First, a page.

This is fascinating, because ordinarily ‘comics as language’ advocates only rail against the use of realism. You’ve correctly identified artistic individuality as being at odds with ‘comics as language’ as well. I would further advance that any attempt to enrich the visual experience is at odds with it. In Understanding Comics, McCloud even expressed doubts about the use of color in comics! ‘In black and white, the ideas behind the art are communicated more directly. Meaning transcends form. Art approaches language.’

    Although the proposition that comics art is a language may initially seem reasonable, I think it inevitably encourages a misunderstanding of visual art, or an attempt to hobble it.

    A picture is more than just a collection of signifiers. The primary goal of comics theory should be to understand the possibilities inherent in that fact.

  22. Oops, didn’t log in. The previous comment was by Joe Zabel.

  23. Neil– Thanks for the reply.

    You wrote, ‘I think you might be confusing my intended use for Language and Art. I am talking directly of the structure of the system, not the use of that structure. Certainly, a prose novel does require innovation as a piece of writing, but the words that are being used are not newly created, nor are the grammatical rules altered. ‘

    Ok, so I gather then what you are comparing, to use specific examples, is the word ‘hand’ with a photograph of a hand– let’s say a photo of a hand against a white background, with no additional details visible. Those two items have some things in common; both could refer to the general idea of a hand. But they also are quite different– for instance, the photo of the hand also signifies gender, race, age, health. And the hand is either a left hand or a right hand.

    But in your essay, the distinction you talk about between the two is intent. As I see it, intent is irrelevant. The person who typed the word ‘hand,’ possessed an intent, and the photographer of the hand did as well. But why should we care about that?

    But you might be attempting to refer to a relevant difference between the word and the photo– the word ”hand” is always the same, but the photo of the hand has unique qualities. The photographer could have taken 100 photos of 100 hands, in the exact same position, but each photo would be different from the others. It doesn’t matter what the photographer’s intent is, each of the photos would be noticeably different as a natural fact.

    As for the rest, I’m afraid it would require a protracted dialog for me to understand what you mean by a cultural bias. One apparent point of confusion is the distinction between art and Art– the former is simply a word referring to a particular thing, the other is a value judgement. When I refer to visually rich art, I’m merely using art as a synonym for picture. To say that comics may have visually rich pictures is a fairly objective statement, I would think, not the result of a prejudice on my part.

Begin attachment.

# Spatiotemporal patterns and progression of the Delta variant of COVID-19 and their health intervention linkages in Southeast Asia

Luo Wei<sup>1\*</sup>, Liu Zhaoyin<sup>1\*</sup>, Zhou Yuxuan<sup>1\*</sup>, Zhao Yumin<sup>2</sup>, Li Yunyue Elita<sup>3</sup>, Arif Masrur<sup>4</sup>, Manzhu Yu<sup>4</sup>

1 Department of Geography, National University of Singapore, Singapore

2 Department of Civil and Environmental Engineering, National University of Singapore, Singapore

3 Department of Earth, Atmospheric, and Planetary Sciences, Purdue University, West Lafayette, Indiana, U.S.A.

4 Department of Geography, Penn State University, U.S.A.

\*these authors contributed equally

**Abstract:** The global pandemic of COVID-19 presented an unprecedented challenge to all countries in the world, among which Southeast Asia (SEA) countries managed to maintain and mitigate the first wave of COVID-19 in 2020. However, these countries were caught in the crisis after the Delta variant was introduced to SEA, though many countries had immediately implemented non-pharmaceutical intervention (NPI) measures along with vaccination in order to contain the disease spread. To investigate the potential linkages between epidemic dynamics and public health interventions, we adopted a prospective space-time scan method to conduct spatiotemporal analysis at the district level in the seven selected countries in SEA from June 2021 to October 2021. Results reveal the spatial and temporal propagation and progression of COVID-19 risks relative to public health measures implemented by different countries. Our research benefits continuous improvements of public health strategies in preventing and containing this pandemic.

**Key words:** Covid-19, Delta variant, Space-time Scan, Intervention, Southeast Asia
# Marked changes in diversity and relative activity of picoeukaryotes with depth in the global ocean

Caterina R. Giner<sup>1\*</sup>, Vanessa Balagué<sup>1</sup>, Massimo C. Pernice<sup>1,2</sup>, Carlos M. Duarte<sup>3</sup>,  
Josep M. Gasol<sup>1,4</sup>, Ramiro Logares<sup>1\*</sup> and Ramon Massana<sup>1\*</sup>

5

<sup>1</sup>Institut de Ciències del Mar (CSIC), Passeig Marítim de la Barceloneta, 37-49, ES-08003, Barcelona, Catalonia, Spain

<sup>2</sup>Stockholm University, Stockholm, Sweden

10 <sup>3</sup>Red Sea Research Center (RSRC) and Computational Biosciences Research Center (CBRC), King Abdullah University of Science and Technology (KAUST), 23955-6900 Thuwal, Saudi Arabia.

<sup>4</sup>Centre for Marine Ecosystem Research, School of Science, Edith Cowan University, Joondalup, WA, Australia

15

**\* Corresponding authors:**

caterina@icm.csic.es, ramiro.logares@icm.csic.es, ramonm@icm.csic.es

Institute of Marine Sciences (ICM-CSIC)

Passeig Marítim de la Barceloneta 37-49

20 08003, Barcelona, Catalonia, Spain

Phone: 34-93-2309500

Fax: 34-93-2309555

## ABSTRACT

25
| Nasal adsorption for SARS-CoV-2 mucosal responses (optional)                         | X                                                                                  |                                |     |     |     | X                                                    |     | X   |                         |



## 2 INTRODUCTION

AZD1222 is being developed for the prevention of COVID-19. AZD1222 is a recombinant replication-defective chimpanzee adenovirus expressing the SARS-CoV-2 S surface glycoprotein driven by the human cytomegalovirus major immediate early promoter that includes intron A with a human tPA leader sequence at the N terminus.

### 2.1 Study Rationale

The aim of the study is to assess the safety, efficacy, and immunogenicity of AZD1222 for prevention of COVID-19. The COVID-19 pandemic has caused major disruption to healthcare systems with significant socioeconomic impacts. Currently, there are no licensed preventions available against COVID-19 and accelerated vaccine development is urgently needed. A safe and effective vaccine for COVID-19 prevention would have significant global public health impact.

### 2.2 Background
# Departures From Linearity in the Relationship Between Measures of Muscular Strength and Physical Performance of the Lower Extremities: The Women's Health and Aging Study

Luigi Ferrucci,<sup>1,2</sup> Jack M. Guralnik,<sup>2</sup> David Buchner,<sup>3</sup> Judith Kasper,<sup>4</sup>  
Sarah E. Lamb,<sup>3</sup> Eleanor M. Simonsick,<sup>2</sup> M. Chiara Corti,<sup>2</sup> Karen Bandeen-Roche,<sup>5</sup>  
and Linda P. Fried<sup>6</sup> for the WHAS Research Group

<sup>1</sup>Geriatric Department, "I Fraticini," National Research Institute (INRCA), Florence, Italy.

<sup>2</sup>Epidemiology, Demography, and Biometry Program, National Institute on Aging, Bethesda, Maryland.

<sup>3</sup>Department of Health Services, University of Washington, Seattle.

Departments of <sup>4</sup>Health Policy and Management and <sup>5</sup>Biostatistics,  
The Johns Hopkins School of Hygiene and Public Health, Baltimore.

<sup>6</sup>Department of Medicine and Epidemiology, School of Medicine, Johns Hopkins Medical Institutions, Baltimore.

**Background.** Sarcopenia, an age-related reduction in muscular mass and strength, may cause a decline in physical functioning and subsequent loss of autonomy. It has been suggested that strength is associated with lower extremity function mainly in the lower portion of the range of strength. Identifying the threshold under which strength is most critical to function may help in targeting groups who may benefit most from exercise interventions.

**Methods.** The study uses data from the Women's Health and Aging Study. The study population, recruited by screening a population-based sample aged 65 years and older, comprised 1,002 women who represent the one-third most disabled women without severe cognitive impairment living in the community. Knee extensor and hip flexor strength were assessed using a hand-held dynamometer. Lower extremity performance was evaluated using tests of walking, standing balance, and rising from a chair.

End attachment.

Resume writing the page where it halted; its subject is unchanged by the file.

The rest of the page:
BTW, there’s a difference between ‘odd experimentation’ and visually rich pictures. Understanding Comics frequently suggests that visual richness is at odds with ‘comics as language.’ For example, page 30, ‘By strippng down an image to its essential “meaning,” an artist can amplify that meaning in a way that realistic art can’t.’

  24. I did want to make one small point; by no means is this comment intended as a harsh criticism. It should be noted that within the last 100 years the notion of individuality in art has come full bloom into the western world, but that before that time such ideas were not the norm. In France the National Academie was established to create a “national style”, and painters of genuine skill and accomplishment such as Pouissant created Art. Even further back in European history, artists like Rembrandt Van Rindt and Michaelangelo taught painting and sculpture at schools without stressing any notions of individuality. Emphasis was on skill in representation and rendering. Before the Renaissance, the Catholic Church did more than influence Art in Europe: the church dictated to a vast degree what style of art was acceptable. Mannerism was a flat style de-emphasizing the physical form in favor of the spirit, or so the Church held.

    The notion that Art is in any way naturally an individualistic expression does not hold given the history of Art in the world. This is going to sound weird but the best explanation of what Art is was given to me by a Tai Chi instructor, who had also been a sculptor: Art is an agent of change. This means that Art is not separate from human experience, it is not necessarily individualistic (in fact, this means that some of the most effective Art cannot be individualistic) and Art is not something above or beyond most people, but is aimed directly at them. There are dozens of other academically contested notions of what constitutes Art now, including (in perhaps too brief and too glib a phrasing): “Art is what you say it is,” “Art is what we all say it is,” “Art is where you put it,” “Art is Art in context,” “Art is a physical representation of the divine,” “Art is a means of communication,” “Art is whatever seems to be Art at the time.” There are lots of formal definitions of Art and there aren’t many of them that mention Individuality as a cornerstone of their argument.